synthesis. In the process, impulses inducing questionable or unethical practices

(thesis) confront the guidelines for good ethical practices (antithesis). This

confrontation between a thesis and an antithesis is implemented through the

program we propose, and as a result, morally better practices are expected to

emerge (synthesis).

Keywords: Client–vendor relations · Participatory design · Dialectics · Ethics



1



Introduction



Client–vendor relationships in IS/IT projects are common, as in business and the public

sector, the actors aim for efficiency by concentrating on core processes and outsourcing

development projects or functions that are better implemented [1]. However, by aiming

for efficiency via outsourcing IS/IT development work, the client engages in vendor

risks when contracting a project to outside vendors [2]. Client–vendor relationships in

IS/IT projects have been recognized as having inherent problems, some of which are

ethical in nature, such as problems relating to honesty [3, 4]. Client–vendor relations

have been studied from a variety of viewpoints, including outsourcing [5, 6], risks [7],

and fault responsibility [1]. Although in these studies there are discussions that touch

on the morals and ethics of client–vendor relations, we did not find studies directly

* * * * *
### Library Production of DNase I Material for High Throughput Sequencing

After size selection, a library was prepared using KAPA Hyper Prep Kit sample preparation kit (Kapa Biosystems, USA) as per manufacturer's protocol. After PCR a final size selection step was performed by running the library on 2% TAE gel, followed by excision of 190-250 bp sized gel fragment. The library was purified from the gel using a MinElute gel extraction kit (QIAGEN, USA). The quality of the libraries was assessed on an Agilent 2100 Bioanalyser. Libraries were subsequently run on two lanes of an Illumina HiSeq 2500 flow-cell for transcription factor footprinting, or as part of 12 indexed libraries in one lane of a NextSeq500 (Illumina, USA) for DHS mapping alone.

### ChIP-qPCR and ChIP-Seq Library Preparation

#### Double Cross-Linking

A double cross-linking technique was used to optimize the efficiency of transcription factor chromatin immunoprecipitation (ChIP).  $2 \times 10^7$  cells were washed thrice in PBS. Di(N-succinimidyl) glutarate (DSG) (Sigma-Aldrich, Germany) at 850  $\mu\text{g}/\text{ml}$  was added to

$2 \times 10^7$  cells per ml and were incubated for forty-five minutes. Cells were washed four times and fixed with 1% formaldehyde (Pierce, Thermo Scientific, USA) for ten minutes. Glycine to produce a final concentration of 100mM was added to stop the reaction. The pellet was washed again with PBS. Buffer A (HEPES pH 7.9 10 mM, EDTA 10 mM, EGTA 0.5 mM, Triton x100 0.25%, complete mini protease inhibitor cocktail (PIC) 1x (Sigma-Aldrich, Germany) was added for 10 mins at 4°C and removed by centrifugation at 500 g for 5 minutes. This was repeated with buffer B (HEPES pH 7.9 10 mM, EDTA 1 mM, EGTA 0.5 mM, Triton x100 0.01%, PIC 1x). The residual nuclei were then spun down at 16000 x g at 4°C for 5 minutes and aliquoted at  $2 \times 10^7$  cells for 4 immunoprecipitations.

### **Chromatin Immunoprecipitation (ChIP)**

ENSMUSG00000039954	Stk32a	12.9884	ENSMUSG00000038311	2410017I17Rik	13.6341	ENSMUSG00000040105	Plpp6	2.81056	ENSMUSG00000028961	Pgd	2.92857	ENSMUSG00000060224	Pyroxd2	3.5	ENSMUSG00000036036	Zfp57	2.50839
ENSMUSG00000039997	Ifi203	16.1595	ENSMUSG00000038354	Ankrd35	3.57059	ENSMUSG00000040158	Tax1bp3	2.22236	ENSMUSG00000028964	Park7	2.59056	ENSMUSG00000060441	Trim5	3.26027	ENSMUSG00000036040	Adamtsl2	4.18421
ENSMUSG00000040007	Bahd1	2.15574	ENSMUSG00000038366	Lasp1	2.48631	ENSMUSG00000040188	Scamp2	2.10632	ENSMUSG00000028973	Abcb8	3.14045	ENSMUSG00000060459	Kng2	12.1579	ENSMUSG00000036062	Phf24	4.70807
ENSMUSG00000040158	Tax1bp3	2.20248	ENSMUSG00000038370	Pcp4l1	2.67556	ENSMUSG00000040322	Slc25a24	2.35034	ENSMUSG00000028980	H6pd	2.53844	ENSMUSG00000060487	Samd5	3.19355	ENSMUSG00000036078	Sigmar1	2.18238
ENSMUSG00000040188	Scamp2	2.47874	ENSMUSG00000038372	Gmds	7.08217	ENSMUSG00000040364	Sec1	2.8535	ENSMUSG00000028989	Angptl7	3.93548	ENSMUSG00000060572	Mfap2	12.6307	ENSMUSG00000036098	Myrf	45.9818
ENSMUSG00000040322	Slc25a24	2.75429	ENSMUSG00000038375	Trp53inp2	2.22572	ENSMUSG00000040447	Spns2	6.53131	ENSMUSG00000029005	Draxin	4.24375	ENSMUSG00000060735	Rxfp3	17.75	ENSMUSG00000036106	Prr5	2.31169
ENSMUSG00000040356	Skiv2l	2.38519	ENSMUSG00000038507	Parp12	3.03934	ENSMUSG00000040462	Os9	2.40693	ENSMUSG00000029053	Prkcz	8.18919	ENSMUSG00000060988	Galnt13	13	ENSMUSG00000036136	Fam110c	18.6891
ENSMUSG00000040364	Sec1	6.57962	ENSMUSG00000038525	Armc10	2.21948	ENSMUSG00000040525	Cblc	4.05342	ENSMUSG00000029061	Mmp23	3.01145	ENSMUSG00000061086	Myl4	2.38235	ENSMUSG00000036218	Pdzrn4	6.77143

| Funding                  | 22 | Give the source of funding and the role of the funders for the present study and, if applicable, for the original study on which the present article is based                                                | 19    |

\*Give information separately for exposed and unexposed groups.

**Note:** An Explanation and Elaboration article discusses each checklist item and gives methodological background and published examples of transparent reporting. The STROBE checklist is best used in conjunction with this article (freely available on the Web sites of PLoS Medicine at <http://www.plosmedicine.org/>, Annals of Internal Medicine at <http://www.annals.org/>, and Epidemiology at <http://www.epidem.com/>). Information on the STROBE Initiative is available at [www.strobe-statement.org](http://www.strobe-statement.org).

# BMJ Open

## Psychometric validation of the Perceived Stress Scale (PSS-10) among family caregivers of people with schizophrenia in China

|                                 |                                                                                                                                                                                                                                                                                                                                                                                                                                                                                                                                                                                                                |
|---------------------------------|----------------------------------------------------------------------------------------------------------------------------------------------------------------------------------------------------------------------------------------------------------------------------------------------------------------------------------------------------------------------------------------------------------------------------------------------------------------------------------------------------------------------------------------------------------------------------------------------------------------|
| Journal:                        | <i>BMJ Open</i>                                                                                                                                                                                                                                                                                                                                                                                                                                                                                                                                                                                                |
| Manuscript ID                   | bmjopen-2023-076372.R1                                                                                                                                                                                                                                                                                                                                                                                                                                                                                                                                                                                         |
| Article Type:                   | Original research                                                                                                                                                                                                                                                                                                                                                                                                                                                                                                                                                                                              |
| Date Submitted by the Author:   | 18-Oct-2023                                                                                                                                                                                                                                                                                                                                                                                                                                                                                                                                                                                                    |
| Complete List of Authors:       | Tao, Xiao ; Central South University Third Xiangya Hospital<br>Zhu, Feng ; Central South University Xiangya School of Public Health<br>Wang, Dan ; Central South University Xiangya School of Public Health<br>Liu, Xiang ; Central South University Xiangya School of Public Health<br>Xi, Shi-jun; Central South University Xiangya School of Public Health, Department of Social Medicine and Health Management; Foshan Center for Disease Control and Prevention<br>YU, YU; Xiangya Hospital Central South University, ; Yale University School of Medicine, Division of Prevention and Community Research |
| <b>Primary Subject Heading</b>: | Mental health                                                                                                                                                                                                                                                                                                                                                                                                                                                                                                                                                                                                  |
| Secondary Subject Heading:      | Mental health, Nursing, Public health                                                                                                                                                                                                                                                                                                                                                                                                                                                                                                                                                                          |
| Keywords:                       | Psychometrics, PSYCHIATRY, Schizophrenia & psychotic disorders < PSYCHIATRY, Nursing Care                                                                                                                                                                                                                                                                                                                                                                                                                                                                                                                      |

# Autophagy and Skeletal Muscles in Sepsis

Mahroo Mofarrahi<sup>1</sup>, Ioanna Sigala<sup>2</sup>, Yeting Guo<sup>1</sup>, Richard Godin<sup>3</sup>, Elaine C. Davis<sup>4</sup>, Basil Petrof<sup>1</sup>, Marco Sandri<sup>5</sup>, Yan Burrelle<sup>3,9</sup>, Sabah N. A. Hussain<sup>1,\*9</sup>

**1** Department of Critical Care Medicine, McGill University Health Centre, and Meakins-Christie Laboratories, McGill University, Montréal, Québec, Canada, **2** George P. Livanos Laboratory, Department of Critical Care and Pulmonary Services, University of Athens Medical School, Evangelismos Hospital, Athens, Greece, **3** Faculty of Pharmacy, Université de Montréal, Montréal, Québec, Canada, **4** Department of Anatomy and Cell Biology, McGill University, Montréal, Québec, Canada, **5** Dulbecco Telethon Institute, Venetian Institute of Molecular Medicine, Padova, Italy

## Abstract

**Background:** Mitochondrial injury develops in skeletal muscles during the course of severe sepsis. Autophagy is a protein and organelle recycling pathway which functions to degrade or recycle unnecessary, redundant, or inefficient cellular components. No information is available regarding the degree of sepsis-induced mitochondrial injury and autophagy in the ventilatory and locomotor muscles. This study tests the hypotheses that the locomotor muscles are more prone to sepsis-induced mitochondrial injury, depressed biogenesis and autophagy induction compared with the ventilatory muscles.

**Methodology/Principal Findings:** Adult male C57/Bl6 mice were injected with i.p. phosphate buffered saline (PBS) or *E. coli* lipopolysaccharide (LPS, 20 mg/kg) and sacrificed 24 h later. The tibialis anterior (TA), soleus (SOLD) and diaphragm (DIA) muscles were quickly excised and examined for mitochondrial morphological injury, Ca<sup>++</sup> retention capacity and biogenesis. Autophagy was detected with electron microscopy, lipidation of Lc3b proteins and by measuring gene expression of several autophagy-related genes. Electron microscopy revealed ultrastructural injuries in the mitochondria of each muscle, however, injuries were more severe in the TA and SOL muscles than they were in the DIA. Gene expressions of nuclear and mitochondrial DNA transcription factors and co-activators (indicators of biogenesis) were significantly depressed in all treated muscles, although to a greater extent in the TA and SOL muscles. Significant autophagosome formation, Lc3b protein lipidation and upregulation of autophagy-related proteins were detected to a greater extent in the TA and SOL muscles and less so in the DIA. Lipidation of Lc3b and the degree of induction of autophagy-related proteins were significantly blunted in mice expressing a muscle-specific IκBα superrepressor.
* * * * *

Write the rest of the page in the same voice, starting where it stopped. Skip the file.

focusing on ethical or moral issues in these relations. Therefore, we gathered data on IT

professionals’ perceptions on client–vendor relations, analysed them, and found that



© IFIP International Federation for Information Processing 2016

Published by Springer International Publishing Switzerland 2016. All Rights Reserved

D. Kreps et al. (Eds.): HCC12 2016, IFIP AICT 474, pp. 116–129, 2016.

DOI: 10.1007/978-3-319-44805-3_10



A Participatory Design Program for Making Ethical Choices



117



there are major moral issues to consider in these relations. As an implication, we will

propose a participatory design (PD)-based program that uses a dialectical approach to

develop practices. The PD approach takes the viewpoint that stakeholders are involved

in the development process, and that they themselves determine the outcome instead of

an external actor imposing a pre-established solution [8]. In participatory design, dialog‐

ical communication is encouraged, instead of linear communication. This suggests that

dialectics might serve as a proper process in developing relations. In IS research, dialec‐

tics have been proven to be useful in understanding the totality of ISs and their devel‐

opment [9, 10]. Therefore, we adopt dialectics (e.g., [11]) in developing practices. We

aimed to see whether the IT professionals were able and willing to describe and discuss

the ethical dilemmas arising from their field of work, and to our joy, the results will

show that the professionals are capable of both describing ethical challenges in client–

vendor relations and produce solutions for ethically good practices. Our study is

constructive and normative [12] in the sense that a program for developing client–vendor

relations in IT is our main contribution.

After the Introduction, in Sect. 2, we introduce literature describing client–vendor

relations both in the public and private sectors, dialectics, and participatory design. In

Sect. 3, the research design and data gathering methods are presented. In Sect. 4, the

analysis process on empirical data and the dialectical model development are presented.

Section 5 discusses the results.